Jo Wimble-Groves’ new book Rise of the Girl – Seven empowering conversations to have your daughter is out now and gives practical advice on how to raise confident young girls.
Growing up I always felt a need to be perfect – the perfect daughter, the A* student and the best athlete, with a perfect body and a perfect life, no mistakes or slips allowed. However, that led to crippling anxiety, awful body image and generally low self-esteem.
It took years of work to boost my self-confidence, which is still an on-going fight, to start seeing myself in a different light, to be prouder of my achievements and to allow myself to make mistakes.
However, I am only one of many young girls and women who have felt this way throughout their lives. How can we change that for future generations of empowered women?
Jo Wimble-Groves’ Rise of the Girl is a great tool to start working on building young girls’ self-confidence. Wimble-Groves aka Guilty Mother offers a practical guide for parents of girls aged 7-20, which, through personal stories and anecdotes, shares advice and inspiration on how to raise confident and resilient daughters.
Through seven conversations to have with daughters, Wimble-Groves tackles the main issues which might be holding back young girls from reaching their full potential.
In the book, Wimble-Groves speaks about the importance of raising your hand, which is really about taking risks. Living in a society where you constantly feel pressure to be perfect, taking a risk which might result in a failure can be scary. For this reason, girls might not raise their hand in class, unless they are 100% confident of their answer.
This issue then translates into the working world, with female employees being less likely to go for a promotion if they do not meet all of the criteria compared to their male colleagues. One quote from the book I loved is “raising a hand today is about being braver today than you were yesterday”. It is indeed true that it is important to teach young girls to seize opportunities and lead the life they want to, and that that can start with something as small, or big depending on the perspective, as raising their hand.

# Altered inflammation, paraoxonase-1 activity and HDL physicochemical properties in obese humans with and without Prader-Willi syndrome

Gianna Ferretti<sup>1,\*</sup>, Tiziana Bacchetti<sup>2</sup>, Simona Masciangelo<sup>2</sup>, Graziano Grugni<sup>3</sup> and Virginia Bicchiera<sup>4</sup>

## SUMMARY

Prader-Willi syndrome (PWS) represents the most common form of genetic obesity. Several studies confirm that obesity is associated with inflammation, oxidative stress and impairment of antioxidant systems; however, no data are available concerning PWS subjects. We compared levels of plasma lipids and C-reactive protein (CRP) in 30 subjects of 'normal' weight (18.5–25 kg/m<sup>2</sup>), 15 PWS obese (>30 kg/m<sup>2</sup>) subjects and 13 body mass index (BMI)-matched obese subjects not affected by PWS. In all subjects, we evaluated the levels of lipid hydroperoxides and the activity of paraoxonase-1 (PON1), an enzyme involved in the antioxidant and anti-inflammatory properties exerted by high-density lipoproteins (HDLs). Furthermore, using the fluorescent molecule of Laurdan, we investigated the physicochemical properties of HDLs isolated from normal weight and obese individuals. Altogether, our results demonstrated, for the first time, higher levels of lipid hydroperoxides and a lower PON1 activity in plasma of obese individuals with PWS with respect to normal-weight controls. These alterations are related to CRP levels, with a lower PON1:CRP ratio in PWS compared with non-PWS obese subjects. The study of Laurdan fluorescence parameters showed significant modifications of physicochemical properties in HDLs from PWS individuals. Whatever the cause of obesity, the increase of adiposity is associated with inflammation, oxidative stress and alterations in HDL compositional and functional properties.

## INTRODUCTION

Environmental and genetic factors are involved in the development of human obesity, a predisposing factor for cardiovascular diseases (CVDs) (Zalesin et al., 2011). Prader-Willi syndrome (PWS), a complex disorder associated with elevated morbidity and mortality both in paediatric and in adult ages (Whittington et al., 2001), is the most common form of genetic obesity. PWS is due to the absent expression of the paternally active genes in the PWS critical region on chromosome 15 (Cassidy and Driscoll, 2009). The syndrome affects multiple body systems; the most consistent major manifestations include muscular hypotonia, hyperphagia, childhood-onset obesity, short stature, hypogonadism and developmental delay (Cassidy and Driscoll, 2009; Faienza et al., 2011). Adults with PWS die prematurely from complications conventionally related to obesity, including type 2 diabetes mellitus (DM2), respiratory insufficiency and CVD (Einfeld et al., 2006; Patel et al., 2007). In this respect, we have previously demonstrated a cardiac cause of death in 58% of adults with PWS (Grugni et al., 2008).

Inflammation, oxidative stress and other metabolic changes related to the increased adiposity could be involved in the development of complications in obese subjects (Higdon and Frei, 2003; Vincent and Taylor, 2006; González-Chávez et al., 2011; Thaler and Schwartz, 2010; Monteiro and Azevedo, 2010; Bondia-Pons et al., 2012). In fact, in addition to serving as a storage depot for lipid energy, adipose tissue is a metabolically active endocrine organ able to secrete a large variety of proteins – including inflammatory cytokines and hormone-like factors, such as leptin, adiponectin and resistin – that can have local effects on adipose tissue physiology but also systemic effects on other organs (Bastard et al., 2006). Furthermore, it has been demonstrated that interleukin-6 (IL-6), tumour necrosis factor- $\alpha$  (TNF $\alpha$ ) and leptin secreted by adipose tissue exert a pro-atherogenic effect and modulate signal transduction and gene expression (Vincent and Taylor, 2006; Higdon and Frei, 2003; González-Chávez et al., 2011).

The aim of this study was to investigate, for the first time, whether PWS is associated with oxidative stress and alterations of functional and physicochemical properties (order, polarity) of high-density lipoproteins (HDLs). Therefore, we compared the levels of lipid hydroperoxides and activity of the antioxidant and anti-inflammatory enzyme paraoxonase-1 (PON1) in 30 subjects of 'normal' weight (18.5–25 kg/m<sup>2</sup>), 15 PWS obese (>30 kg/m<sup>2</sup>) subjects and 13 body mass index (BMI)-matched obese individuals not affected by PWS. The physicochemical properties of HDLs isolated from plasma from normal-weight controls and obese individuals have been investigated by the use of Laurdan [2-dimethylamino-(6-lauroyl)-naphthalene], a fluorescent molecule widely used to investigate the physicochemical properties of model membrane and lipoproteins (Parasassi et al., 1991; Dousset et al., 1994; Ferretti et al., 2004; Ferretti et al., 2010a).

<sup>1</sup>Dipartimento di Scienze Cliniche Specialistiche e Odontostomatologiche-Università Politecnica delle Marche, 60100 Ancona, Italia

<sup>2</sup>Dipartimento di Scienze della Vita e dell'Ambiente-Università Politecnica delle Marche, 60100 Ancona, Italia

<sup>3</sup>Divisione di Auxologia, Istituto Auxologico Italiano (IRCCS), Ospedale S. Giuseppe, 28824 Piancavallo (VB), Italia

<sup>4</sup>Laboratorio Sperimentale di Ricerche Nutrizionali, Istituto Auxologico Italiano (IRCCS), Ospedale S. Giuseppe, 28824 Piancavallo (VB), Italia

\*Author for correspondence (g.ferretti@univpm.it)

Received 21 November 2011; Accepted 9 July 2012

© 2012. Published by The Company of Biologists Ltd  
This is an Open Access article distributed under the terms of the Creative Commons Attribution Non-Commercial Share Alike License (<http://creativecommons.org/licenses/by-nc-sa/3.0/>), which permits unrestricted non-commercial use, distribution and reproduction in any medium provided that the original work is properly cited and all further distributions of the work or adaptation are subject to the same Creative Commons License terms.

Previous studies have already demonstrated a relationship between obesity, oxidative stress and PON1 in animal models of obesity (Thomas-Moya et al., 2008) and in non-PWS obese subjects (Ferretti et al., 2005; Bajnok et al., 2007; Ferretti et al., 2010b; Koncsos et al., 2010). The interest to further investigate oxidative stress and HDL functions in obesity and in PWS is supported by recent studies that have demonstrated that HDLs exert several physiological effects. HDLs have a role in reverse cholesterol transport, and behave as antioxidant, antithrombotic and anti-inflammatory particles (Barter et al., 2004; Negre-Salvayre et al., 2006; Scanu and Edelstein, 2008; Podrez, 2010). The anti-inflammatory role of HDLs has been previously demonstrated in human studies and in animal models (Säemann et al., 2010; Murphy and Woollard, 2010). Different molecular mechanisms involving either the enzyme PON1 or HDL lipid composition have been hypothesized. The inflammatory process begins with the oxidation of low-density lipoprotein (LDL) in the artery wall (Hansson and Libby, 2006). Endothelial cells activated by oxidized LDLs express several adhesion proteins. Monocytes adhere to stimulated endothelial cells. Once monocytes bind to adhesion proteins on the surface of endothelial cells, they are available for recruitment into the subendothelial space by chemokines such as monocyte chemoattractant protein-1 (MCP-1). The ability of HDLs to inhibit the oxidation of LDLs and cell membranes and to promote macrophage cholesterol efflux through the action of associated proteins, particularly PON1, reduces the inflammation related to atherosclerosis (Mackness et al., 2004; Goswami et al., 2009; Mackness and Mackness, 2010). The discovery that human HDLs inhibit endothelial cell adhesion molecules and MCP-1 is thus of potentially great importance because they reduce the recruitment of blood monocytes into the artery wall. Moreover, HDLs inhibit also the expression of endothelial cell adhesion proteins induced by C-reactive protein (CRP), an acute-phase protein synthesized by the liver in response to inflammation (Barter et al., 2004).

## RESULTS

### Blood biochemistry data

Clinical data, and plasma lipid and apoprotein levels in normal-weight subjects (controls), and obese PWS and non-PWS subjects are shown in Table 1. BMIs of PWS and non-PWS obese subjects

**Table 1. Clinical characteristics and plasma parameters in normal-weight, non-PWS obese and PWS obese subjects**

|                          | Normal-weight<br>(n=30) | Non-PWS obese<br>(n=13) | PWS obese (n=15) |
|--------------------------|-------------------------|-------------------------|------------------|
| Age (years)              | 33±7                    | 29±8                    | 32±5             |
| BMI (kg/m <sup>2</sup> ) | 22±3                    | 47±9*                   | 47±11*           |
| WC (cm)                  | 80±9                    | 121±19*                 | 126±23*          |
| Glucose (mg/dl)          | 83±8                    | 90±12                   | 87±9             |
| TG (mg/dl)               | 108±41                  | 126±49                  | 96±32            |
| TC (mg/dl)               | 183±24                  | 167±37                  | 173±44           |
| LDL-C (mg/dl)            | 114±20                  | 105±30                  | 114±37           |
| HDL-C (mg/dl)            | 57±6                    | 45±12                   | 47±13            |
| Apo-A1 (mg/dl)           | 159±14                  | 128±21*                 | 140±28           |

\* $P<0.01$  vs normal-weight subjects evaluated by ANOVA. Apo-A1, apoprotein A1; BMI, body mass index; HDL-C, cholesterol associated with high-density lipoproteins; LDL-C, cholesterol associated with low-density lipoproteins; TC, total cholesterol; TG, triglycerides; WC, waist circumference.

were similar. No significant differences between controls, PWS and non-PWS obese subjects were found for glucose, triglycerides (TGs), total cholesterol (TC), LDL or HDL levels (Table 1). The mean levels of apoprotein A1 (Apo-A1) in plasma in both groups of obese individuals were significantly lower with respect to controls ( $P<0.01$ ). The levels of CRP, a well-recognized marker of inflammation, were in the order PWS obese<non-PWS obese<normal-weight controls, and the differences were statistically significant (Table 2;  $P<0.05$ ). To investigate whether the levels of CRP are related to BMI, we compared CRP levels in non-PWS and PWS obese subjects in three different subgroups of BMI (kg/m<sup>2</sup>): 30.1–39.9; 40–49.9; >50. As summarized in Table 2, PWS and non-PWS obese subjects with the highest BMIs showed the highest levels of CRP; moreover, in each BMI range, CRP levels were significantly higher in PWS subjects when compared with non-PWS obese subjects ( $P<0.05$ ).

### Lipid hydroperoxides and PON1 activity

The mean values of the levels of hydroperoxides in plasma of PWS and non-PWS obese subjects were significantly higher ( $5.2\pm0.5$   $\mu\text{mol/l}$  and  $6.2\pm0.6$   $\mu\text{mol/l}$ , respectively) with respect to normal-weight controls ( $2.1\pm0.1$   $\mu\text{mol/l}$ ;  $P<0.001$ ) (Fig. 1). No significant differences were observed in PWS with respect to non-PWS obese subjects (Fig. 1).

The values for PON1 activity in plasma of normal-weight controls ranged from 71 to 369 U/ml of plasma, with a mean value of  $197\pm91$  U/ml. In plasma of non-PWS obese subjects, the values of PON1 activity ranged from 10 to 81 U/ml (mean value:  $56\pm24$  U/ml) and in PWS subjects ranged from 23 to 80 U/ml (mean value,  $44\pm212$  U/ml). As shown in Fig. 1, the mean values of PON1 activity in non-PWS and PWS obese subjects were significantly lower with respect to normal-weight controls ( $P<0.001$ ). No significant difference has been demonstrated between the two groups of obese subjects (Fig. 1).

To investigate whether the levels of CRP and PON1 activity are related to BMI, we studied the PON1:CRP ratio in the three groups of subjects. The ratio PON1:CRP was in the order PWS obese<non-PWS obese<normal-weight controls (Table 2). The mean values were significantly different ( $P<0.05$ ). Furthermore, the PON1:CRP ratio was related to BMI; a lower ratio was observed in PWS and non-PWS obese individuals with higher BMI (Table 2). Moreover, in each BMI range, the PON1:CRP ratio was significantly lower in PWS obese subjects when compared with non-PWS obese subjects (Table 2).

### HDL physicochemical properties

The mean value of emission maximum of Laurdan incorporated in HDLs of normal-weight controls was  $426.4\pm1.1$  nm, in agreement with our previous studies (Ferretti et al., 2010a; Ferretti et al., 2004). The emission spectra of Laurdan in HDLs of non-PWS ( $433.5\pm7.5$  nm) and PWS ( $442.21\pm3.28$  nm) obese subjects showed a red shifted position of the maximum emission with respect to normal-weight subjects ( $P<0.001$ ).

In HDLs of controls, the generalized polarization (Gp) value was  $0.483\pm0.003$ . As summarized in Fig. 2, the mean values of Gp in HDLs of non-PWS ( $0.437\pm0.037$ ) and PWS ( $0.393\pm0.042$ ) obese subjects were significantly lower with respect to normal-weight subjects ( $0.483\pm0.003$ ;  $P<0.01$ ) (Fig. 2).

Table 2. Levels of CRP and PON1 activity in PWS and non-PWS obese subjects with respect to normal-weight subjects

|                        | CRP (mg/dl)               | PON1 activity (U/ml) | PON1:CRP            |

Amongst the other topics explored, Wimble-Groves covers failure, learning from it and how to bounce back, keeping an open-mind about new possibilities, but also the importance of quitting when things do not seem to be right for you.
All of these, are important learning points to reflect and work on to raise the next generation of female leaders.
Another great aspect of Rise of the Girl is the mixture of voices and stories shared by famous parents throughout the book, which, mixed with the sincere tone and relatable examples, makes it a more approachable guide to tackling the problems and dilemmas that many readers will relate to.
Some of the parents featured in the books are Anna Whitehouse, Steve Backley OBE, Helen Thorn, Nimsdai Purja MBE and Rochelle ‘Rocky’ Clark MBE.
Regarding writing Rise of the Girl, Wimble-Groves says: “When I looked at my own daughter, I considered what role I have to play in talking to her about leadership and allowing her to lead from a young age. Do we ask girls enough about what they feel they are good at? How are they channelling their own strengths to build on their skills and self-confidence?”
She adds: “All of these thoughts were considered when writing Rise of the Girl and the seven conversations that were happening in our household. In my view, now is the time for our girls to rise. To explore opportunity and thrive in a modern world that is accepting of how brilliant they are.”
Rise of the Girl is a honest, down-to-earth guide, filled with practical advice and I would recommend this book to anyone who has a young girl at home, works with or knows one. Moreover, many of these conversations and reflection points can be useful for any women – after all, we were all girls once – and I believe that it is never too late to apply them to your own life.